When your body encounters a foreign object, known as a pathogen, the cascade of events that follows is called innate immunity. This is the ability of your immune system to locate and destroy anything that isn’t native to your body. The adaptive immune system is much more complex. It comprises the mechanisms that enable your body to record a random innate response and encode it into new lymphocytes that will be ready when that specific pathogen is encountered again in the future.
In this way, it is a sort of immune memory that enables your body to respond much quicker and more devastatingly to something it already knows to be a dangerous pathogen. The bridge between innate and adaptive immunity, where your body memorizes an innate response to a pathogen, takes place during the inflammatory response. Check out our article about innate immunity to get some background on this complicated process before you read on.
What is the inflammatory response?
In addition to fighting off foreign invaders, our immune system also mediates pain and injury. Anytime there is physical injury, from a papercut to a broken bone, the immune system immediately reacts. Just like B-cells respond to antigens that are foreign to the body, they also respond to distress proteins from our body’s own cells.
When damage occurs to tissue, hormones and other inflammatory factors explode out of the damaged cells and attract white blood cells nearby to bring nutrients to the site. One of these factors is the endocannabinoid 2-AG, which arouses and initiates several cellular processes. Others cause nearby capillaries to expand allowing for greater blood flow, and they agitate nerve cells in the vicinity which generally results in pain that makes you favor the injured body part. The heightened metabolism at the site induces coagulants to rush to the area to stop any bleeding and provide structure that will eventually form scar tissue.
These immune responses happen automatically, and we have understood little about the underlying mechanisms that power their intricacy and automation. However, there is an erupting body of research shedding light on the role of the endocannabinoid system in mediating these processes and allowing your system to maintain internal homeostasis amid wildly fluctuating external circumstances.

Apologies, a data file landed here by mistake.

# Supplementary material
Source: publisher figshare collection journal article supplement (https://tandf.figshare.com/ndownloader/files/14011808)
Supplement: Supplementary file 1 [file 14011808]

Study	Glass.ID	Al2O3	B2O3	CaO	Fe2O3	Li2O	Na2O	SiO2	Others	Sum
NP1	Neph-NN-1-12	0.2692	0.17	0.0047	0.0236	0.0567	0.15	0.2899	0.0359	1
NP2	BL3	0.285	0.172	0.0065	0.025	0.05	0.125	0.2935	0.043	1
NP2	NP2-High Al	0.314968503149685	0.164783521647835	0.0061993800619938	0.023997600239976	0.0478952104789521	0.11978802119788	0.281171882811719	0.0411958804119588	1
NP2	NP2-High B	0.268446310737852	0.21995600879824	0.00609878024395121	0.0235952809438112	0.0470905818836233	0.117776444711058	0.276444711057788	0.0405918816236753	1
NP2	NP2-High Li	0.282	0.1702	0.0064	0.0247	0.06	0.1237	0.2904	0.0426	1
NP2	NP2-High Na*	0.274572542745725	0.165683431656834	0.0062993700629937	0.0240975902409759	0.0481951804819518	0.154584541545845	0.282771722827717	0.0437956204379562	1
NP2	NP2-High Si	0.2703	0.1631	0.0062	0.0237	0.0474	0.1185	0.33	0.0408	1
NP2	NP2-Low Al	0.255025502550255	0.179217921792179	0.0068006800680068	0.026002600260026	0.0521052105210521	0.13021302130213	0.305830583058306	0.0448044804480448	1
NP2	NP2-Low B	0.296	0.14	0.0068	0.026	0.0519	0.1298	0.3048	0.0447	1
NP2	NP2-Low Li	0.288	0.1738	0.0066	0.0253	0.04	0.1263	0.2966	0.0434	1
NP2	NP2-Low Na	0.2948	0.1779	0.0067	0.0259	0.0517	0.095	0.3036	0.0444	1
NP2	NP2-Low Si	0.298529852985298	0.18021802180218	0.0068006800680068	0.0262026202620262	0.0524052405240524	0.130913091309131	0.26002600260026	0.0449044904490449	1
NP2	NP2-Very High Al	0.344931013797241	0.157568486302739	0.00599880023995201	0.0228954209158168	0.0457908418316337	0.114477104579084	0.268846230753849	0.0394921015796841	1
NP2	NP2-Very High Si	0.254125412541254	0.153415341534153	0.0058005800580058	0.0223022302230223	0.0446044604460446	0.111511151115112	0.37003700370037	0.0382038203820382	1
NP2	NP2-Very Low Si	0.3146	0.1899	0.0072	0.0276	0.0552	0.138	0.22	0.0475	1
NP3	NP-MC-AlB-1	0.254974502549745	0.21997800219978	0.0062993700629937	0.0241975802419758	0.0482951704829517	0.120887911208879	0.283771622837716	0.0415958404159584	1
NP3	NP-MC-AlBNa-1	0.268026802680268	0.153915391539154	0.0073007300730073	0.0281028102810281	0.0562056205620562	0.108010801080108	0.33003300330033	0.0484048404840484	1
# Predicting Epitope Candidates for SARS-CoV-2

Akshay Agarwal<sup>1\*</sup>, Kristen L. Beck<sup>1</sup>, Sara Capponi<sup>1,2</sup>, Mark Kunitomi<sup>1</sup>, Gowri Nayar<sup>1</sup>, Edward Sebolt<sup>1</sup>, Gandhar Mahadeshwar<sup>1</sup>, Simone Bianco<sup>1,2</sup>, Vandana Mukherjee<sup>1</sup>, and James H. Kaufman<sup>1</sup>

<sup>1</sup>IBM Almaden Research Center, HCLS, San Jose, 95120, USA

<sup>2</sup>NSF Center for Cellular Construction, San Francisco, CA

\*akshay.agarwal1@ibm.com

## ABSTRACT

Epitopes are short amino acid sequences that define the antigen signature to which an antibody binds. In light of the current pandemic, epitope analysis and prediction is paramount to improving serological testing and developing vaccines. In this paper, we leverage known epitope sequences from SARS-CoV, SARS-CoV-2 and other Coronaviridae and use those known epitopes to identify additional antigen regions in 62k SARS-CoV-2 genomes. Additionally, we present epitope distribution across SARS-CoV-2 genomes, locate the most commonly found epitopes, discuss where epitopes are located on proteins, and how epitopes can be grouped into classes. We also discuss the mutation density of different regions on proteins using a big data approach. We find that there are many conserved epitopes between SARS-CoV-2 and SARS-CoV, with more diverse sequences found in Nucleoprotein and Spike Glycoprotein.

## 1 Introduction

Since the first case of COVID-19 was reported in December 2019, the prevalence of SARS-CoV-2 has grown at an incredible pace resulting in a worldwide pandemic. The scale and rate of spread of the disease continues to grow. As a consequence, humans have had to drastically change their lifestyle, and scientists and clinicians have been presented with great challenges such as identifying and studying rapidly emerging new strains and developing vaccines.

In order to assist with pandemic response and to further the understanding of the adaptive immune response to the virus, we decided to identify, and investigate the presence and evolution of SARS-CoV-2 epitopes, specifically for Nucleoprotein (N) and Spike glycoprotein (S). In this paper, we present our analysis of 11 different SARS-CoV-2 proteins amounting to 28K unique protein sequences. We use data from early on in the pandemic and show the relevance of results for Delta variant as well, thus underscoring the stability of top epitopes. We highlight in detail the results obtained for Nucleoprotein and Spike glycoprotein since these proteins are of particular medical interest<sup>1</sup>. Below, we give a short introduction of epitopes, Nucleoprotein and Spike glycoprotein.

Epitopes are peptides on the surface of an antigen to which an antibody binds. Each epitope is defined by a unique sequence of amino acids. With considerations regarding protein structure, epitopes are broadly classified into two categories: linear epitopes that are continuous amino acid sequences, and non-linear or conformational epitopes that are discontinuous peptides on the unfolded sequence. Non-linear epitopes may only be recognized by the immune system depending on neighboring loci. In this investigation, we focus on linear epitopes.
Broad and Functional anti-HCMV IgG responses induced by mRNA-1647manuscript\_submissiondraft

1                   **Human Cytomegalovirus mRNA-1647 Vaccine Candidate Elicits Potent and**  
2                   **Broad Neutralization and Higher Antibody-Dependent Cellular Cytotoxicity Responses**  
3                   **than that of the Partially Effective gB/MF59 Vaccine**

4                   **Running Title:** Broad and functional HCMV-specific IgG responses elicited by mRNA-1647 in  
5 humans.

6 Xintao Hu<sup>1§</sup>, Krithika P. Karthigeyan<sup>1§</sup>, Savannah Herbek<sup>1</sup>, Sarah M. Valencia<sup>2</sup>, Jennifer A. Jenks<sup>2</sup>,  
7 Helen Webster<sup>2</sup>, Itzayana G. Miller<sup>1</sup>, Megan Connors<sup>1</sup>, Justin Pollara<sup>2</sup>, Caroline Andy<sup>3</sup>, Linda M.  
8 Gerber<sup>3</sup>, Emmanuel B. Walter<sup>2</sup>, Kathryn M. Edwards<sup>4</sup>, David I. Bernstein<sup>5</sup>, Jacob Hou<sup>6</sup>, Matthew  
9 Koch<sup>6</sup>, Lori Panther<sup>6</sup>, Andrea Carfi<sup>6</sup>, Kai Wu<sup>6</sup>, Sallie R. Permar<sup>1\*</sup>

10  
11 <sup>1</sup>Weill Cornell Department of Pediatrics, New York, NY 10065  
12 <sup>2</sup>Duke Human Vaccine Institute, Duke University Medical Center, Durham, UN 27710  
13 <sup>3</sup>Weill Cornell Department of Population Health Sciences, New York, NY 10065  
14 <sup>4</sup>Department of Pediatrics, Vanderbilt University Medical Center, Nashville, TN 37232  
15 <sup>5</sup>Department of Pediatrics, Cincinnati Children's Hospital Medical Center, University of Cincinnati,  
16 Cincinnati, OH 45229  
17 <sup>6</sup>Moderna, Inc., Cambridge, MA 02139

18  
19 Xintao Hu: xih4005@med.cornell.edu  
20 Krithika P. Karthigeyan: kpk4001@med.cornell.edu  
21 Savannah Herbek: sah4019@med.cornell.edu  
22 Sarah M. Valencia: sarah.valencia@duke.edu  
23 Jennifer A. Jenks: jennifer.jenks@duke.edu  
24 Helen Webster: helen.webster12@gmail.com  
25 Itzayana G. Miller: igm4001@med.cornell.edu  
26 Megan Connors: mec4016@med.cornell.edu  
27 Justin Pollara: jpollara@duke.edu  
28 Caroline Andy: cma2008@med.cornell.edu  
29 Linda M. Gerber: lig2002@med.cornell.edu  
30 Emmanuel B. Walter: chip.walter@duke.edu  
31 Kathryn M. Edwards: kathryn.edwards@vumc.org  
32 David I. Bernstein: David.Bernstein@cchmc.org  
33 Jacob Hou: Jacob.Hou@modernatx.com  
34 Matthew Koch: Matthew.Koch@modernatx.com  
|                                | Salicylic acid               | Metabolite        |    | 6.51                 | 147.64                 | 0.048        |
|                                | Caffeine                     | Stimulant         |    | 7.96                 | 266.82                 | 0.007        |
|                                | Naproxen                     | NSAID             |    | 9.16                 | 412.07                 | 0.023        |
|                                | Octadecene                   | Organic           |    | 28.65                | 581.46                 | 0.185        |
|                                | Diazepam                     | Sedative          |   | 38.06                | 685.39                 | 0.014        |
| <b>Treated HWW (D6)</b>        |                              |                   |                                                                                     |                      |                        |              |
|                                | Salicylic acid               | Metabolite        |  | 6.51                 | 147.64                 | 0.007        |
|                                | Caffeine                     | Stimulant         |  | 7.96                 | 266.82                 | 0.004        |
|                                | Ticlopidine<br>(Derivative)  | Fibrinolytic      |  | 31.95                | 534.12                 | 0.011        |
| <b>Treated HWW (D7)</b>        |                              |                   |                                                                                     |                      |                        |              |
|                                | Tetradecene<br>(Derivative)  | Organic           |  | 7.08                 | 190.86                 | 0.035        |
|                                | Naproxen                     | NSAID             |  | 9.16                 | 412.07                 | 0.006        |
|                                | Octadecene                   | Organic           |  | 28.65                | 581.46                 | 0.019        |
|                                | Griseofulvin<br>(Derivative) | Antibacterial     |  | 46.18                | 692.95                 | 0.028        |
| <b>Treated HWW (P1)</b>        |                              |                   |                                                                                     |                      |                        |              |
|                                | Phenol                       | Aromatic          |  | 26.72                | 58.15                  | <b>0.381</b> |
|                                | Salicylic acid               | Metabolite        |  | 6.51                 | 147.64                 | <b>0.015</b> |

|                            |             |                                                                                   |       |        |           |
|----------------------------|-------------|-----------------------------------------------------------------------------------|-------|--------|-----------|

What is adaptive immunity?
When an inflammatory response occurs, the complicated mixture of hormones, proteins, and cell signals tell white blood cells to gather up everything that looks foreign and get rid of it. When a B-cell finds a pathogen it binds to, let’s say strep, it becomes activated.
It begins replicating because it and its offspring are the only B-cells equipped to take out the army of strep. Other lineages of B-cells bind with different pathogens. In addition, the strep-activated B-cell and its replicants will take antigens from the dead strep cell and present them on their surfaces in what’s called an MHC II protein. MHC II strongly attracts other lymphocytes called T-cells, and this causes an explosion of cellular activity and metabolism that leads to the physical swelling and rise in temperature characteristic of inflammation. The production of this extremely important protein is mediated by the endocannabinoid system.
If you have encountered strep before, then the process I’m about to describe has already occurred and T-cells which possess strep antibodies are already finding and eradicating it. But how do these cells get the right antibody in the first place…
If strep is new to your system, then:
- An inactive T-cell, seen floating in the graphic above, binds to strep antibodies (green) held by the MHC II protein (pink) on the surface of an activated B-cell. Every MHC II complex is identical, but the antibodies that it holds are unique to one specific pathogen, in this case, strep.
- The T-cell becomes activated, and begins to produce antibody proteins like the one that activated it. It makes copies of its newly-immune-to-strep self, and rushes to destroy every strep pathogen in the body.
After the battle has calmed down, endocannabinoid receptors become active with a different endocannabinoid, anandamide, that has the opposite effect of 2-AG. Instead, anandamide causes the T-cells to begin to die off so that the swelling reduces and everything returns back to normal.
However, a select few T-cells, called memory T-cells (mT-cells), remain alive, circulating in your bloodstream and lymph system. These cells make up the army that will destroy that strep immediately, without any of the chaos you just read about, when it’s encountered again in the future. This is a very basic description of adaptive immunity, and this is why vaccines contain deactivated viruses or bacteria: so without getting sick, our body can still create and store antibodies, creating immune cells that are ready to fight that specific pathogen if and when it’s encountered in the future.